>> backed against a wall a "believer" will say something like, "it SEEMS
    >> like
    >> a contradiction, but one just has to have faith." In other words, the
    >> "believer" is demonstrating "a willingness to believe in falsehoods"
    >> and
    >> sees faith as doing just that.
    Platt replied:
    > If "falsehoods" are always going to be determined on the basis of
    > faith in
    > intellect (logical empiricism as championed by science), then of course
    > it's relatively easy to back a "believer" against a wall. It's a self-
    > fulfilling prophecy: "Since your belief violates scientific
    > principles, it
    > must be false." But suppose you believe, as many do, that there are
    > other
    > means to determining truth from falsehood.?

    According to the MOQ, true and false are words for higher and lower
    intellectual quality. Determining truth from falsehood is done by each
    individual on the basis of Quality. There are no other means to
    determining truth from falsehood or at least they all boil down to

    People will have differing views of what has intellectual quality
    because of their different experiences. What I'm talking about is the
    "believer" who, like me, experiences the low intellectual quality of
    statements like "the Bible is literally true" and chooses to believe
    them anyway and calls it "faith."

    > P:
    >>> If one's belief in a personal God is intellectually
    >>> appealing, I see no reason to claim such belief is false given
    >>> Pirsig's
    >>> "paintings you like" standard of truth.
    >> I agree, but "believers" often think of "faith" as what it takes to
    >> believe that which is not intellectually appealing. That is what
    >> Pirsig is calling immoral.
    > Yes, I agree. There's no doubt that Pirsig considers those who don't
    > abide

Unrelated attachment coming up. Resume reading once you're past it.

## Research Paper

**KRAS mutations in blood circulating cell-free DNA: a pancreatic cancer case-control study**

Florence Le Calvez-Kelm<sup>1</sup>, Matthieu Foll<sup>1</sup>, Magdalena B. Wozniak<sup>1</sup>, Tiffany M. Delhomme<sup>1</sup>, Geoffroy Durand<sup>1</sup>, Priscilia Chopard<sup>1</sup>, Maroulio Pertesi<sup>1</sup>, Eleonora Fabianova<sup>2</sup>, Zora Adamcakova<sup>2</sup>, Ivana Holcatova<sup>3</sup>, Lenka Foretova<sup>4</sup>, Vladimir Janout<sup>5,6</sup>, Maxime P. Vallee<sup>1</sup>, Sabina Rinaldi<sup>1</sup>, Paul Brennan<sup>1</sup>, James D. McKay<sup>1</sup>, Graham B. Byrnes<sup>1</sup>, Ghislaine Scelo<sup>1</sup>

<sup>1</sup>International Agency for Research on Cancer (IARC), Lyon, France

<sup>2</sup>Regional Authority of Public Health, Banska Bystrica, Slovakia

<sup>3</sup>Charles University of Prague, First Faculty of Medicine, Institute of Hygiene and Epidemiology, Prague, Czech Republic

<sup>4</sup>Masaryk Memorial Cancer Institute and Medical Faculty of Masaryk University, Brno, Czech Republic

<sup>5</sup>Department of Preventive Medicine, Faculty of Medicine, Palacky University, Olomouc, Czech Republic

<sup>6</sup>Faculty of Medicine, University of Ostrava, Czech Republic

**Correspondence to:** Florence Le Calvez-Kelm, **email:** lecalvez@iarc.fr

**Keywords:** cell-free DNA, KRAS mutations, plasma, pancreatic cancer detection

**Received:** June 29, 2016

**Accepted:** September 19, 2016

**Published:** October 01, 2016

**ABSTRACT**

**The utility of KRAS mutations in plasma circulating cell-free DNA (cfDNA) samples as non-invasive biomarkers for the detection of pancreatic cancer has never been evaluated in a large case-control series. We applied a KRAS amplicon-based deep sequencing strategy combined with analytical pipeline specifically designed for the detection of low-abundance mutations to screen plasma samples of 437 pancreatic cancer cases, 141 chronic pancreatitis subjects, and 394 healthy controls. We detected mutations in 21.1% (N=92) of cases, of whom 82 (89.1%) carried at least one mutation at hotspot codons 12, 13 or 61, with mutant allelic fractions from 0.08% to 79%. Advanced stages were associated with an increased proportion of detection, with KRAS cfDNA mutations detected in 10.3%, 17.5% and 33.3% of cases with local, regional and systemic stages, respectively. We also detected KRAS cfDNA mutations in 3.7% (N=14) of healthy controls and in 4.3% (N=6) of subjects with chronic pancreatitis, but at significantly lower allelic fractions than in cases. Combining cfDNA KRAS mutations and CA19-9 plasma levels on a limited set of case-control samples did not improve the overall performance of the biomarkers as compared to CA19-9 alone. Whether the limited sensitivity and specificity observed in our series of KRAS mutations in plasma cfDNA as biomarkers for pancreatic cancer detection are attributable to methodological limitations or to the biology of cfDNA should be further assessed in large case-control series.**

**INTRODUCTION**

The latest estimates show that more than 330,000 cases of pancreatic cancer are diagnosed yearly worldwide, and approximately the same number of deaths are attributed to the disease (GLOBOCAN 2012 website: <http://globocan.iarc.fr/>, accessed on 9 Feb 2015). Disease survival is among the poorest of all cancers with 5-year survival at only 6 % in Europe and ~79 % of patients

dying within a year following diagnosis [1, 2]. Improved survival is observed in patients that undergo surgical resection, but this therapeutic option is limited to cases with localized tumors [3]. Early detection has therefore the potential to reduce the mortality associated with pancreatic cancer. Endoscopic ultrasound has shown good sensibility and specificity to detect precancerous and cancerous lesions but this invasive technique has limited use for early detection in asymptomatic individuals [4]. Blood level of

> by scientific principles of inquiry as being immoral dummkopfs.

    You're agreeing but I think may be missing my point. You said that "If
    one's belief in a personal God is intellectually appealing, I see no
    reason to claim such belief is false." I agree since "intellectually
    appealing " is an MOQ definition of "true." I don't agree that Pirsig
    necessarily "considers those who don't abide by scientific principles
    of inquiry as being immoral dummkopfs."

    What's immoral is to admit that a position is irrational (low
    intellectual quality), but then to assert it as true anyway (high
    intellectual quality). It's basically a lie.

    > He
    > summarily rejects supernatural explanations for how the world works.

    Like Pirsig, I also experience such intellectual patterns as low
    quality ones. I bet you do, too.

    > On
    > the other hand, he invokes an unknown "aesthetic continuum" as "real."
    > And, he attributes creation of the objective world to a mysterious
    > force
    > he calls Dynamic Quality--hardly something verifiable using scientific
    > methods.

    I don't think Pirsig champions scientific methods as the "be all and
    end all." In fact he spent a lot of ZAMM and Lila criticizing the
    "view from nowhere" that science presupposes.

    It's been a while. It's good to converse with you.